For one thing it's biased as all hell -- "Euroscepticism" is a particular right-wing British position -- and while there are many tedious arguments to be had about the impossibility of objectivity and how we're in a post-objective world and whatnot, it's surely not a bad thing to try and aim for. But far more importantly, the site's mainly comment/analysis, like we've been discussing. The majority of stuff I can see on the front page now is commentary riffing off from links to print media websites. It's good commentary if you like the beat they're thumping on their tub, but it's a million miles away from reporting.
Watergate wasn't investigative journalism
Ok, fine, Abu Ghraib. Broken by Seymour Hersh, based on a report that would otherwise never have seen the light of day. Or the majority of those on this list: http://en.wikipedia.org/wiki/Pulitzer_Prize_for_Investigativ...
I'm going to let the Nu-Government thing slide, as it's not really germane to this. Suffice to say that I think all of these options (particularly the one that assumes people will find it easiest to uproot and move their families to express their opinions on their rulers) appear considerably more difficult to achieve than finding new and reliable sources of funding for investigative reporting.
Of course most of EU Referendum's articles are interpretation rather than raw reports from primary sources. But so are most Times articles. From the perspective of a reader with limited time, interpretation and summary is much more important than raw facts.
As for bias - sorry to bore you with my tedious arguments, but every source is biased. What matters is whether the source gives you an accurate view of reality. Or another way of putting it, a source of information is good if it leads you to not being surprised by future events, helps you make accurate predictions, and aids in making good decisions. I find European Referendum to be good on these accounts. On the other hand, I have found the NY Times to be a consistently crappy source of information ( the War in Iraq, financial crisis, and many others), and so I have mostly stopped reading it.
Ok, fine, Abu Ghraib. Broken by Seymour Hersh, based on a report that would otherwise never have seen the light of day.
What? Did Seymour Hersh secretly trail Pentagon officials and listen to their conversations until they revealed their dark secrets? No. The report was leaked by someone in the Pentagon who wanted the public to know about it. If Seymour Hersh hadn't been the lucky winner, the leaker could have distributed it to any number of people, including bloggers. Again, the press is not doing investigative journalism, it's being a conduit for leaks.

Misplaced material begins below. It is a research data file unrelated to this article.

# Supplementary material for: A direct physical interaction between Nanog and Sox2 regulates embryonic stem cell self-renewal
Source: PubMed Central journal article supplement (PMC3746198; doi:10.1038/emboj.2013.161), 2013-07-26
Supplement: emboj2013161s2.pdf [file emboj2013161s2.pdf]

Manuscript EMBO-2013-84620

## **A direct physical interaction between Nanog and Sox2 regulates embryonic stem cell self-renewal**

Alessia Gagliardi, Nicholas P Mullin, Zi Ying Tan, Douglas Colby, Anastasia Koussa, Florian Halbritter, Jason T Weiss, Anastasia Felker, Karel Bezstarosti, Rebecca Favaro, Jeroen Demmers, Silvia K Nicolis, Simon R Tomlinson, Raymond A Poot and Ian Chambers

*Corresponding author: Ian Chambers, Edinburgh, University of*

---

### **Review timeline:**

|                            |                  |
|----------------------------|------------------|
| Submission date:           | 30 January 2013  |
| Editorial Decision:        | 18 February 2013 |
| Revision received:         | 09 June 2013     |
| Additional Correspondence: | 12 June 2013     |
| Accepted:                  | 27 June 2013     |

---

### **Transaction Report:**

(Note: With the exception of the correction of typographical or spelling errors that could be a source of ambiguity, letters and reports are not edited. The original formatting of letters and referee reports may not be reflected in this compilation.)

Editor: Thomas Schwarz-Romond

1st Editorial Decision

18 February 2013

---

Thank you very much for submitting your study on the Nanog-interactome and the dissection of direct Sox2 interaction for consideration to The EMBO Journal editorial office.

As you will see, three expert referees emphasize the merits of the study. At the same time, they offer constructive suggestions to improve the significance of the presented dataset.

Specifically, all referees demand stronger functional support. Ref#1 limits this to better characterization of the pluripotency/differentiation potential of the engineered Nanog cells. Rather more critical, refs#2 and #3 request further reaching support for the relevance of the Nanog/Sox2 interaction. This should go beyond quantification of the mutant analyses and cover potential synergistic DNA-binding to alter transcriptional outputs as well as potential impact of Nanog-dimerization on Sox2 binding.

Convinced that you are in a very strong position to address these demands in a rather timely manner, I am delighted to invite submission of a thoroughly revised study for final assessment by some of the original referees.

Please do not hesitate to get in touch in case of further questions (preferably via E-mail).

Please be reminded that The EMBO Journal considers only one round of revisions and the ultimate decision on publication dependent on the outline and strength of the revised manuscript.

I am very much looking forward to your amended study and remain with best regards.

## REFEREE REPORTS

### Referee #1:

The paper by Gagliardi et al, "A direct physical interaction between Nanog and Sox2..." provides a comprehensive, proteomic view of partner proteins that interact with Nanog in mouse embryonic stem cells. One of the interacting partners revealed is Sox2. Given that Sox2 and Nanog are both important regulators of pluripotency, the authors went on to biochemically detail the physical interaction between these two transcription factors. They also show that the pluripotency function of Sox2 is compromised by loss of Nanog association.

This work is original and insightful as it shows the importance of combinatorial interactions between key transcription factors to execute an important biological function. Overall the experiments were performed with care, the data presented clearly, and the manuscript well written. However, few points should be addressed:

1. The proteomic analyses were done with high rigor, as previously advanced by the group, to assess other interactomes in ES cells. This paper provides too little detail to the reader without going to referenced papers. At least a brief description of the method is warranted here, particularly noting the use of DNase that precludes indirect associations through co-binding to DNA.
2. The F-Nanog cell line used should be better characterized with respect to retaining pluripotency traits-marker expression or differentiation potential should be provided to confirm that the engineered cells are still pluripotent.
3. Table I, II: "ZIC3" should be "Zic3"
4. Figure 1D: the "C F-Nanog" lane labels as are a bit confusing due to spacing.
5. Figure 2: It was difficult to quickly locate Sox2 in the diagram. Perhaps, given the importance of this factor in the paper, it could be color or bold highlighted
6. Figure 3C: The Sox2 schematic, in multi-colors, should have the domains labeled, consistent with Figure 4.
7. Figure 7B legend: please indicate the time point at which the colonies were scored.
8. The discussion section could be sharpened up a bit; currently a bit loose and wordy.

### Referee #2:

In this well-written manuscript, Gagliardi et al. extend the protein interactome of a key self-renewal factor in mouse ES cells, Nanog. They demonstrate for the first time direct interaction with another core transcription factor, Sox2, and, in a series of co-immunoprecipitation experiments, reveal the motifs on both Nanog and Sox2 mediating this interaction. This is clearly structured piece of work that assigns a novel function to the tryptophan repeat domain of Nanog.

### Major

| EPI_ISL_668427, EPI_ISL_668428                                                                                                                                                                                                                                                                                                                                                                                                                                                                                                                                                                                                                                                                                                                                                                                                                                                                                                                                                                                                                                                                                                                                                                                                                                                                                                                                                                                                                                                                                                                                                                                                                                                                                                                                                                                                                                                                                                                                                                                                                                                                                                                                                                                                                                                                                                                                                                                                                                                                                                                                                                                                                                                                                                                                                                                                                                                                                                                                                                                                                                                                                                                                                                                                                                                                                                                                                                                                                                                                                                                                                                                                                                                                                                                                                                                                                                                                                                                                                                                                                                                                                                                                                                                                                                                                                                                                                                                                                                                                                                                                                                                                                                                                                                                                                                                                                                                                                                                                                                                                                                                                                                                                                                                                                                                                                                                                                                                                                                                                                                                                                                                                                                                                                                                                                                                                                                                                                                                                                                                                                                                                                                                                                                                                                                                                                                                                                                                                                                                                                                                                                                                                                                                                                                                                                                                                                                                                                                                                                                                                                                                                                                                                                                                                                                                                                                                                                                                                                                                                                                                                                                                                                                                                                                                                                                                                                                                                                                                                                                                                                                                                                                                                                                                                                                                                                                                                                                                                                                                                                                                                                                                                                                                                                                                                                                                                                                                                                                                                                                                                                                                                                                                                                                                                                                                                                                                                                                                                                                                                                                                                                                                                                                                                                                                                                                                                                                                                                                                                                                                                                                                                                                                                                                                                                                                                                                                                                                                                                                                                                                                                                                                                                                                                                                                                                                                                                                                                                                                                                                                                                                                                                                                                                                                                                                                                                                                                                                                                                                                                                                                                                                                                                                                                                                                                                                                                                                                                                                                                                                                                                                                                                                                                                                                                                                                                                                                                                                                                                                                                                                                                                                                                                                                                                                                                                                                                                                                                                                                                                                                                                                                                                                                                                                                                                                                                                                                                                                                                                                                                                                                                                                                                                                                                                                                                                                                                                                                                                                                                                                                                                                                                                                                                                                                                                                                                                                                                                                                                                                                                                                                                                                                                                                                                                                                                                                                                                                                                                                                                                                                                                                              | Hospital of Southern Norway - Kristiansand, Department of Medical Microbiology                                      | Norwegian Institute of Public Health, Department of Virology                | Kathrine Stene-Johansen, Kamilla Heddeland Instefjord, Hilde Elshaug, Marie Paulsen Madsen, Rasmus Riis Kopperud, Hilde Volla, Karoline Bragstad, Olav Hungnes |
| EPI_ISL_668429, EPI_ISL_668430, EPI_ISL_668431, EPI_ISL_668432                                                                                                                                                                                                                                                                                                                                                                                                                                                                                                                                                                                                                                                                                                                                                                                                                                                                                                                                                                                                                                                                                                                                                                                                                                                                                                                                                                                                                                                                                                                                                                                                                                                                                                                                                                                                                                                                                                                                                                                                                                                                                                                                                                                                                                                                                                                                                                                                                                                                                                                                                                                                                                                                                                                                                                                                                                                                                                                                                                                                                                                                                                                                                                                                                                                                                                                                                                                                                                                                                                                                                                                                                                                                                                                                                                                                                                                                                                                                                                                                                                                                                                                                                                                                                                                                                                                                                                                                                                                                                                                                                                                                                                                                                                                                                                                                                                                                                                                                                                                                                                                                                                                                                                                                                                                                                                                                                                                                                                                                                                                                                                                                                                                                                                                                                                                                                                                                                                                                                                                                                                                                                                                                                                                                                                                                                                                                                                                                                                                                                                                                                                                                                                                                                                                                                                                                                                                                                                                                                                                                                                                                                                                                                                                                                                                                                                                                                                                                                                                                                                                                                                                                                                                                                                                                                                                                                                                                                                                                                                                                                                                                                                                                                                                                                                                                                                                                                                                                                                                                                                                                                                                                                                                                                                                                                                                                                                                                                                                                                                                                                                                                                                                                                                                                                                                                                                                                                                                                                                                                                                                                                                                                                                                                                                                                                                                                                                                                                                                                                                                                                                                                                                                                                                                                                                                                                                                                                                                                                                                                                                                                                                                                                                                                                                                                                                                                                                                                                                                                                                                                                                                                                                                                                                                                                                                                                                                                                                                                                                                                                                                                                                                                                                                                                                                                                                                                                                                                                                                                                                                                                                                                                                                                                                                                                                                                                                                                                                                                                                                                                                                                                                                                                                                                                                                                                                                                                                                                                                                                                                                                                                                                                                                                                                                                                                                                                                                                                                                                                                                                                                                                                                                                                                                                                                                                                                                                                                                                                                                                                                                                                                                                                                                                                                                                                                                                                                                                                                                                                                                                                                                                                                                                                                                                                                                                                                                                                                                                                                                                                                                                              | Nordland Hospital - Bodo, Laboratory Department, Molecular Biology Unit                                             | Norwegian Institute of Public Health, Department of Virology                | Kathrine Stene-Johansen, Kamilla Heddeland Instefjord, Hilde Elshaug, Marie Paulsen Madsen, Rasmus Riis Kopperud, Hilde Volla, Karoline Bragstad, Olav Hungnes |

Suffice to say that I think all of these options appear considerably more difficult to achieve than finding new and reliable sources of funding for investigative reporting.
I actually have no doubt that journalism in its current form will continue. Foundations will fund the NYTimes if no one else does. And there is always the government funding route ... I just don't think that the current system of journalism, or the system of journalism in the 1970's, leads to good government.
(particularly the one that assumes people will find it easiest to uproot and move their families to express their opinions on their rulers)
Only a small fraction of families need to be mobile in order to properly incentivize the government to rule well.
I am probably missing one or two good sources but that should cover all the bases really.
Actually, it doesn't.
In the pollyanna world, readers might, based on what journalists found and printed. But in this one, journalists bootlick for access and reprint press releases.
"When someone demands to know how we are going to replace newspapers, they are really demanding to be told that we are not living through a revolution. They are demanding to be told that old systems won’t break before new systems are in place. They are demanding to be told that ancient social bargains aren’t in peril, that core institutions will be spared, that new methods of spreading information will improve previous practice rather than upending it. They are demanding to be lied to.
There are fewer and fewer people who can convincingly tell such a lie.
Society doesn’t need newspapers. What we need is journalism. For a century, the imperatives to strengthen journalism and to strengthen newspapers have been so tightly wound as to be indistinguishable. That’s been a fine accident to have, but when that accident stops, as it is stopping before our eyes, we’re going to need lots of other ways to strengthen journalism instead.
When we shift our attention from ’save newspapers’ to ’save society’, the imperative changes from ‘preserve the current institutions’ to ‘do whatever works.’ And what works today isn’t the same as what used to work."
I think the important point that is easy to miss is that we are in the very early stages of a major social revolution, probably the biggest in human history. Institutions like the Catholic church or the NYT and the MSM (today) are what communicate and sustain the culture (whether you agreed with them or not). This is what the internet has broken. It takes time for new institutions to form but that is the process that is underway right now and that process will probably take decades.
Digital advertising would reduce inefficiencies, and therefore profits.
Other than people exploiting inefficiencies through having a monopoly, I can't think of one case where reduction of inefficiencies also reduces profit. The problem is that those who thought that were willing to make changes, as this article points out, but not the kind of changes that would exploit the increases in efficiencies.